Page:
File this one under further examples of why the Milkweed Triptych isn’t nearly as fictional as I thought it was. (Nor is it, apparently, as fictional as we might prefer.) First it was a sequence of strange parallels between the imaginary work of Dr. von Westarp to create his battery-powered Ãœbermenschen and real-world tDCS research. Now it’s weird linguistic-deprivation experiments of the Middle Ages.
Just before Christmas, my friend Paul Genesse directed my attention to a piece over at io9 about a bizarre linguistic experiment that took place in the 15th century. And once again I learned that no matter how strange the things I think I’m weaving from whole cloth, I just can’t outpace history.
The warlocks of the Milkweed books speak a lost language known as Enochian. (That term I took from the works of John Dee, who claimed to have decoded the secret language of angels.) Enochian enables the warlocks to negotiate with malign entities known as the Eidolons; complications and adventure ensue.
The origin of Enochian is addressed briefly in Bitter Seeds. But it was entirely inspired by a conversation with my friend Char Peery, a linguistic anthropologist. At a Bubonicon a number of years ago, while we were attending a panel on the use of fictional languages in fantasy and science fiction, Char shared a legend that’s fairly well-known in linguistic anthropology circles. She told me the following story that Herodotus relates about the Egyptian pharoah Psamtik I. According to lore, the king wanted to identify the original language of mankind, and therefore arranged to have two orphans raised in the country with complete isolation from human language. And, sure enough, the story goes that eventually the kids started speaking Phrygian. From which Psamtik concluded that the Phrygians were the oldest culture on earth, and theirs the oldest language.
I had never heard this tale, but it blew my mind. As soon as I heard this story from Char, I knew right away that I had to use it in a book. In fact I decided on the spot to make it the basis of the magic system in the Milkweed books. (Which is why Char is acknowledged in the series. Her knowledge of the lore of strange linguistic experiments in antiquity had a profound impact on the series! Thanks, Char.)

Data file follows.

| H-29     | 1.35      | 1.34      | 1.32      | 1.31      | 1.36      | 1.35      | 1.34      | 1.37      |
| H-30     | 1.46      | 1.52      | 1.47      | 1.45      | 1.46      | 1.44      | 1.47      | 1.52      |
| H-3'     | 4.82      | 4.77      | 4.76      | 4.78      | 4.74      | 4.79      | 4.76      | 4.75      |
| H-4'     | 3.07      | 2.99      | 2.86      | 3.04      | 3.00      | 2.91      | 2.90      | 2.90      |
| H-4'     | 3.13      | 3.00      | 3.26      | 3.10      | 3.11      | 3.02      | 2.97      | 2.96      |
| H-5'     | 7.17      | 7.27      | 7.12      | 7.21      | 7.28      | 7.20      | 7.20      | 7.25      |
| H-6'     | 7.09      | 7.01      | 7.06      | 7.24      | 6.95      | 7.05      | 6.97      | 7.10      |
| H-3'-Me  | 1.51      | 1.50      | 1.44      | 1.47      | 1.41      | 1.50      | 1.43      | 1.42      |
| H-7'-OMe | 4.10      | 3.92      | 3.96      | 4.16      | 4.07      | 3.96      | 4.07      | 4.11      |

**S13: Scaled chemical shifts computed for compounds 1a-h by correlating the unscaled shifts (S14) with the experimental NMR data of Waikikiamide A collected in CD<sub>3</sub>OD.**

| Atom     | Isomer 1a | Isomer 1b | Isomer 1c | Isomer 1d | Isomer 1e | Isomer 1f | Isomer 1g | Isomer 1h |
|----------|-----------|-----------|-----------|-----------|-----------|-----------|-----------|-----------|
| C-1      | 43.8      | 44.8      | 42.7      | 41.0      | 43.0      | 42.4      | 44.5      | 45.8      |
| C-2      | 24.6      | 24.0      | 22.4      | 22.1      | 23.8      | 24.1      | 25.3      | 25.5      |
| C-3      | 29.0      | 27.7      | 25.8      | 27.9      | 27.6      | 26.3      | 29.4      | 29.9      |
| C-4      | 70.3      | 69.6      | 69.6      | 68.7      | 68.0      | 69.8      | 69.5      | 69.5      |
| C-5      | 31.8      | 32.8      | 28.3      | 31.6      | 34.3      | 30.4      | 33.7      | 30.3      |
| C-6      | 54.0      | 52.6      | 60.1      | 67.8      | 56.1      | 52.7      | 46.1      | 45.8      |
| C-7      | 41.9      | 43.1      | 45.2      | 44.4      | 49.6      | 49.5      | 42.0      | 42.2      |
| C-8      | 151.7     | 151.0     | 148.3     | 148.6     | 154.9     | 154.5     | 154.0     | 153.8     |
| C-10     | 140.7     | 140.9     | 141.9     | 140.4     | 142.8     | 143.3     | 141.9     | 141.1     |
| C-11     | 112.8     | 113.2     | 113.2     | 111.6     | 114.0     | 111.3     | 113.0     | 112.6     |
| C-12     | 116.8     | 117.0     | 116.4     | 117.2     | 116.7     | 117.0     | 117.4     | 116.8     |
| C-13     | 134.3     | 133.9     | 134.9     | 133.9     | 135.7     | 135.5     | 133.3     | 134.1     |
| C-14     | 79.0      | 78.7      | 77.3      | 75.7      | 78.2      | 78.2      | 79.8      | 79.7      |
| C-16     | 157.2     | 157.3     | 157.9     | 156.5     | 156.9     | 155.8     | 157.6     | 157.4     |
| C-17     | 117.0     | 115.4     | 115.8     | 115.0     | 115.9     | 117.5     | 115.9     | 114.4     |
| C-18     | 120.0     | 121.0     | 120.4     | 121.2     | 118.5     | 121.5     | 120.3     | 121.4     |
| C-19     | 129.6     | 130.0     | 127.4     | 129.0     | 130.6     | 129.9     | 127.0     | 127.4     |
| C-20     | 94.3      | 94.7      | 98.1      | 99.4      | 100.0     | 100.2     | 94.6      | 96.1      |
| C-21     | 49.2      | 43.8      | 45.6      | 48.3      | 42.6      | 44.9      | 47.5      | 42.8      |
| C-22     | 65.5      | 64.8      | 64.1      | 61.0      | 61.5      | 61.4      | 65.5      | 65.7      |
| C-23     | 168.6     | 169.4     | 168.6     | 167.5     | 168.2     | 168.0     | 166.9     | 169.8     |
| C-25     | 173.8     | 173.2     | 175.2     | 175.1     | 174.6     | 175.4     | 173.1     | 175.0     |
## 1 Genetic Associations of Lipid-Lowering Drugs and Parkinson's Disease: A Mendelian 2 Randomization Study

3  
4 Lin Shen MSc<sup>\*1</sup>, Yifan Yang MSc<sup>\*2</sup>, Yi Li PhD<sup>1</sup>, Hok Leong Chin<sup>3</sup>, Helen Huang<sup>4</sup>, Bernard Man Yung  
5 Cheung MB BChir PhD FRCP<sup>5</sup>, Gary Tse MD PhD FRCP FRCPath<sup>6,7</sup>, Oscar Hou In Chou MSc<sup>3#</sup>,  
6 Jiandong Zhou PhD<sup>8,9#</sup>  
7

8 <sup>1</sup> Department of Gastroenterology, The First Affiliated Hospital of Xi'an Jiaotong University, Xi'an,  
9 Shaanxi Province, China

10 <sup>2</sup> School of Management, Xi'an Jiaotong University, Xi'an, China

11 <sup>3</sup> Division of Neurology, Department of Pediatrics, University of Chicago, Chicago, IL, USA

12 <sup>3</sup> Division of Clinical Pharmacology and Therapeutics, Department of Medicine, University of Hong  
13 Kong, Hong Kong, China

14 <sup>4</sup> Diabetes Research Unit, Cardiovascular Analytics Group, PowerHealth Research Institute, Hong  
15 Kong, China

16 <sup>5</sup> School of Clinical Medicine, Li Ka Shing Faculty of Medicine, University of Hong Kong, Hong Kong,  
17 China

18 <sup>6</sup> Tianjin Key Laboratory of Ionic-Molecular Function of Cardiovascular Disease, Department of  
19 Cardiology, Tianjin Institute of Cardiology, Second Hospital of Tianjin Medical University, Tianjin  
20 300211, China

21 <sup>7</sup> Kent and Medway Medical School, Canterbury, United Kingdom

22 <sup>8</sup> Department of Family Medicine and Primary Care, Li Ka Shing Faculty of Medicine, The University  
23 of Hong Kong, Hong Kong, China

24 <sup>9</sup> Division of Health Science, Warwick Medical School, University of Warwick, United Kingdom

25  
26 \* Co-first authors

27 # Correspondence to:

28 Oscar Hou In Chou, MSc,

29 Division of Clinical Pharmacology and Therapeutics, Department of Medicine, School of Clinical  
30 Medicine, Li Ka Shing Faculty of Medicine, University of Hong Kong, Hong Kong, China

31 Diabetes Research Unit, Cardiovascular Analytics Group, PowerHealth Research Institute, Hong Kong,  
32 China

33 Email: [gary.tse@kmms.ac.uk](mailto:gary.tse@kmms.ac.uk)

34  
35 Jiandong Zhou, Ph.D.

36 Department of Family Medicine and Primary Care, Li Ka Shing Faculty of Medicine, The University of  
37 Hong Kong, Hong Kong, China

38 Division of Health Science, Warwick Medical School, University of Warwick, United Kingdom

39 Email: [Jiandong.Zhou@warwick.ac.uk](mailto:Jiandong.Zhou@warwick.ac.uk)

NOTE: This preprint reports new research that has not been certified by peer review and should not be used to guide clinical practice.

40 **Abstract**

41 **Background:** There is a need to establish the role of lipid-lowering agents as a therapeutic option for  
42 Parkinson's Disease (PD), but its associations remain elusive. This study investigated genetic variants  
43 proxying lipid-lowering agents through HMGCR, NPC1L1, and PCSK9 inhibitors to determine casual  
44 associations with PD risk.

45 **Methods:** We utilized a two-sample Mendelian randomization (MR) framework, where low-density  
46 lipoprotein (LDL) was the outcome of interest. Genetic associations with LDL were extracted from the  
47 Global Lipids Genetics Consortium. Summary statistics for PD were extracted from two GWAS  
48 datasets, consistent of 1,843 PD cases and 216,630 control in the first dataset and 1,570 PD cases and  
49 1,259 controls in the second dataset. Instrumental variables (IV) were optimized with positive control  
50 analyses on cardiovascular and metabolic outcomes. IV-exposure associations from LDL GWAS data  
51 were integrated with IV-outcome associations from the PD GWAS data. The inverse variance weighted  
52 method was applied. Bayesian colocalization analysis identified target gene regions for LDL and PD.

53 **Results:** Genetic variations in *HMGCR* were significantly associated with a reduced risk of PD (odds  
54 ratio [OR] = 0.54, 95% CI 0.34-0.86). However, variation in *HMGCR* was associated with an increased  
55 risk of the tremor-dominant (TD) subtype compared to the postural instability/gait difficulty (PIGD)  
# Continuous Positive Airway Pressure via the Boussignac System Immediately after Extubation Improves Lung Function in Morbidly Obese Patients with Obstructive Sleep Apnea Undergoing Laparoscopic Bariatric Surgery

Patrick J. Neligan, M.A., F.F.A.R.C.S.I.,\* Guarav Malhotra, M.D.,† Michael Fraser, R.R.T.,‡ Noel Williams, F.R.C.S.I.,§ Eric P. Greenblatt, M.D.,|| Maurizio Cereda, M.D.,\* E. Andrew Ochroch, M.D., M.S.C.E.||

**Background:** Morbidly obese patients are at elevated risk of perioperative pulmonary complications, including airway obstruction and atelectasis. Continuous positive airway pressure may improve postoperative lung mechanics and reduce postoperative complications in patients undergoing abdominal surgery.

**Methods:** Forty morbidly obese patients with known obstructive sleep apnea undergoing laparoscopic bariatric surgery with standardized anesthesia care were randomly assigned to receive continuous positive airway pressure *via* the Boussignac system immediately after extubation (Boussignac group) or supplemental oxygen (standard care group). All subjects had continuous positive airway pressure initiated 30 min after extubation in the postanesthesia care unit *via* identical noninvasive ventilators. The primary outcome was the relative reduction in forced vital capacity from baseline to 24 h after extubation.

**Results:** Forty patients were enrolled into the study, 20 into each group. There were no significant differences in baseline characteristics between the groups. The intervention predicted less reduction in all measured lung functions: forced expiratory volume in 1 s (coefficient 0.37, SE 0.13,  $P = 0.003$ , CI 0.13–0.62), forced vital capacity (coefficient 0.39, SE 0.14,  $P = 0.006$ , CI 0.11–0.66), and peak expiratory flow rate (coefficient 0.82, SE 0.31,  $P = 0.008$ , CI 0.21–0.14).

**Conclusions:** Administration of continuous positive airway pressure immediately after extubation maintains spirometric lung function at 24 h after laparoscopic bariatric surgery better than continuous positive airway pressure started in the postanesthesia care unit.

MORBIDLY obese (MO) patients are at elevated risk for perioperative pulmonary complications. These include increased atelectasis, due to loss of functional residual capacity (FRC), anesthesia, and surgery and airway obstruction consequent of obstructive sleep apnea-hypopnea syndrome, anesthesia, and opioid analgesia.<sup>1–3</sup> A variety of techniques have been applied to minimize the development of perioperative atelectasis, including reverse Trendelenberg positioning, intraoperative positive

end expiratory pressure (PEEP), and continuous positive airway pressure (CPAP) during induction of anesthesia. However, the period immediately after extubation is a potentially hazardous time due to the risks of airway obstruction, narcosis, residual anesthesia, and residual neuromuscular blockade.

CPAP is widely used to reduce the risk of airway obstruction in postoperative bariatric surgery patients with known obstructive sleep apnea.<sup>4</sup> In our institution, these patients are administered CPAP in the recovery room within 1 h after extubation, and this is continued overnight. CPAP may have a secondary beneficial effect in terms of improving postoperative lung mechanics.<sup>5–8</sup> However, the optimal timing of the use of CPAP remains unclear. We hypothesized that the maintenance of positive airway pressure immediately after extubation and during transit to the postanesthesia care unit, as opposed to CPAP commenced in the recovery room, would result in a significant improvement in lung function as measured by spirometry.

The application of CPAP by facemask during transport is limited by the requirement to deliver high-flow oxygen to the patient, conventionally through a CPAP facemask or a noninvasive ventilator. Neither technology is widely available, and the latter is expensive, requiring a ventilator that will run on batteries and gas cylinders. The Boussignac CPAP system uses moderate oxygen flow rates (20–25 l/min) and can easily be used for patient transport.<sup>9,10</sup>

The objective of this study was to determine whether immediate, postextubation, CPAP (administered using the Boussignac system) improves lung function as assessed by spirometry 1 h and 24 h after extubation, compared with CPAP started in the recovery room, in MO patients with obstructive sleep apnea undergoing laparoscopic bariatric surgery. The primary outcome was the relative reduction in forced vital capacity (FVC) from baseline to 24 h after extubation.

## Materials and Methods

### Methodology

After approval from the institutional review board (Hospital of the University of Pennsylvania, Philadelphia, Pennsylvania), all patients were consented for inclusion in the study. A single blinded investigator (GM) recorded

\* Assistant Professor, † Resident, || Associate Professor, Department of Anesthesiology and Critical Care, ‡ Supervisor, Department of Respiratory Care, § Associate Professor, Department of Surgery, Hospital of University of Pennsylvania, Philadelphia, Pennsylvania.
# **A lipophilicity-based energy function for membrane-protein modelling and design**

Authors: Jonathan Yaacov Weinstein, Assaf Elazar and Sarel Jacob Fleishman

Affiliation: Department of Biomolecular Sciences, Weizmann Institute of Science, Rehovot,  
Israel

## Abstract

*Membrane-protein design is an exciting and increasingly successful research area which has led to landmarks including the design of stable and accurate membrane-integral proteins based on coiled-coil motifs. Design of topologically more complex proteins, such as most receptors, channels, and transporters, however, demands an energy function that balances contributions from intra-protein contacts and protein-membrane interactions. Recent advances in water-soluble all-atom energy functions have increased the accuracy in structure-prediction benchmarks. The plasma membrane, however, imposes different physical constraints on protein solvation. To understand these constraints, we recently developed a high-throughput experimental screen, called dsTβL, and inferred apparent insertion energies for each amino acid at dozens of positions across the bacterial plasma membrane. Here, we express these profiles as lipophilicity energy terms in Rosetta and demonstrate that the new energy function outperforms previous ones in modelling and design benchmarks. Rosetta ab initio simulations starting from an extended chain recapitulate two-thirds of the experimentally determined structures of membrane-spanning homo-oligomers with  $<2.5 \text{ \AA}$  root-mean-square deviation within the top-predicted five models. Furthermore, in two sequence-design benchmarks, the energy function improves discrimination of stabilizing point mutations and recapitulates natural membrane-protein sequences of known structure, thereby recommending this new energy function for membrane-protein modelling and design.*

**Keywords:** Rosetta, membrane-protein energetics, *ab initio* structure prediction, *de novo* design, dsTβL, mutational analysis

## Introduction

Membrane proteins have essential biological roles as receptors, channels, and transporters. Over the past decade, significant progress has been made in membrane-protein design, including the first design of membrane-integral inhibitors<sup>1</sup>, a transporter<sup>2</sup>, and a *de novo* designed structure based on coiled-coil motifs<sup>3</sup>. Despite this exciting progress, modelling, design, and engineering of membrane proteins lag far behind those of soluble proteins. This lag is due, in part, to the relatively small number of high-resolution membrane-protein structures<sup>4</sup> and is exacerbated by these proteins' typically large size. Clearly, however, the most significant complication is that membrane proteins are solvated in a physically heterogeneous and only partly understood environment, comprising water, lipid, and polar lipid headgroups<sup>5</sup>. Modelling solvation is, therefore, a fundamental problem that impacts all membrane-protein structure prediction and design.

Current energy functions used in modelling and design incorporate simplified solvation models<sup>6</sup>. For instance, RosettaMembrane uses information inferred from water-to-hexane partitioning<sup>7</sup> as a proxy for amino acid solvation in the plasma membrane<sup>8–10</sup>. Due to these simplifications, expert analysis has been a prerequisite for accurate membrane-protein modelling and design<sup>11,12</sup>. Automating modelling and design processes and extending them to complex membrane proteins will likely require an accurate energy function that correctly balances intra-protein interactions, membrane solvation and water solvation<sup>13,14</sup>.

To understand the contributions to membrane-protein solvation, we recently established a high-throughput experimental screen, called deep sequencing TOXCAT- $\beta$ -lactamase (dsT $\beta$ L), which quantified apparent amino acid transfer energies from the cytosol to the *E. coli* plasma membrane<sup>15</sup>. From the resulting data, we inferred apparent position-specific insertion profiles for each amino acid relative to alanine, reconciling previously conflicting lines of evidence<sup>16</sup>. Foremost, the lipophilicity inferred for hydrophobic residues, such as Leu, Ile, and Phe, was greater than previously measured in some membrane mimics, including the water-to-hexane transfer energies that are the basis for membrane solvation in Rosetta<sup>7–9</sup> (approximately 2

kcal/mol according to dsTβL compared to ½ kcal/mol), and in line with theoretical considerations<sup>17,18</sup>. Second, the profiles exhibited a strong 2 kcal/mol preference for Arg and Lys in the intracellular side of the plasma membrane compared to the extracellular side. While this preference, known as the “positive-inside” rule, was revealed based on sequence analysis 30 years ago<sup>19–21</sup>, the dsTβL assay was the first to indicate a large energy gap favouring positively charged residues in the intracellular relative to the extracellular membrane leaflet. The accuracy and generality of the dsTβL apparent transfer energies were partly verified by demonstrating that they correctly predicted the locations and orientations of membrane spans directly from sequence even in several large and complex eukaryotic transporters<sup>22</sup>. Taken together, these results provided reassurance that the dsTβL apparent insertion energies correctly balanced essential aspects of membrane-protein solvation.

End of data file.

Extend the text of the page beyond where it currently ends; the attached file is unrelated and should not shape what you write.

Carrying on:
When thinking through the backstory of the Milkweed books, I decided to recast that linguistic-deprivation experiment and move it into the Middle Ages. I did that because I knew, based on my own reading and interests, that medieval theologians spent centuries trying to reconstruct the original language of mankind. Adamic, they sometimes called itâ€”the alleged language of the Garden of Eden. In other words the pre-Tower of Babel language. There were efforts to try to reverse-engineer the language of God, the language of “Let There Be Light,” from Hebrew. (There are many books about this, including Umberto Eco’s The Search for the Perfect Language.)
So, naively believing that the concept of linguistic deprivation experiments conducted on orphans was entirely apocryphal, I imagined that scholars in the Middle Ages actually tried the Psamtik experiment. (Or perhaps it was John Dee who tried it?) And that furthermore the experiment workedâ€¦ except they discovered too late that the Ur-language, the language of creation, the language of Let There Be Light, wasn’t a human language at all.
I believed I’d concocted the tale from whole cloth.
But according to the io9 article linked above, it turns out King James IV really tried this very experiment during the Renaissance. (Or, at least, he did so according to the historian Robert Lyndsay of Pitscottie, who relates this tale in James Grant’s Edinburgh, Old and New.) Allegedly, in 1493, James IV sought to discover the language of the Gods by having a mute woman and two infants transported to the island of Inchkeith in the Firth of Forth. Some claimed the children naturally spoke Hebrew; others claimed they never spoke at all. Sir Walter Scott refers to this experiment, too, saying the children probably just learned to emulate the braying of sheep on the island.
So I was particularly struck by parallels between James IV’s alleged experiment and the backstory that I’d concocted independently for the Milkweed books. They’re close enough that when I tweeted about this, more than one person responded by saying they had taken it for granted that the Milkweed backstory was an intentional reference to James IV! But obviously those people gave me way too much credit. They seemed to believe I knew what I was talking about. Which is flattering, of course, but not borne out by reality.
Others have pointed out that a very similar experiment was allegedly carried out by Frederick II in the 13th century, motivated by nearly identical pursuits. There are also tales of a 16th century Mughal emperor who arranged to have such an experiment conducted on a pair of infants.
(Since then, it’s been pointed out to me that there’s an entire Wikipedia page dedicated to this subject!)
Nowadays, in the enlightened age of informed consent, such studies are deemed “The Forbidden Experiment” in the words of Roger Shattuck. Probably because of the extraordinarily cruel (and probably devastating) deprivation that would have to be visited upon the test subjects. But who knows? Perhaps such efforts are forbidden because of the danger of what a successful attempt might uncoverâ€¦
2 thoughts on “Linguistic Deprivation Experiments That Really Happened”
Huh. I’d always assumed you’d based that on James and Frederick Barbarossa. More often than not, truth is stranger than fiction.
Now, now Ian–we all know what is going on in your secret mountain fortress in the aptly named “Forbidden Tower.” Funny how secrets just always seem to leak out of secret mountain fortresses.
(And, it is very cool how all these things turn out to have actually happened.)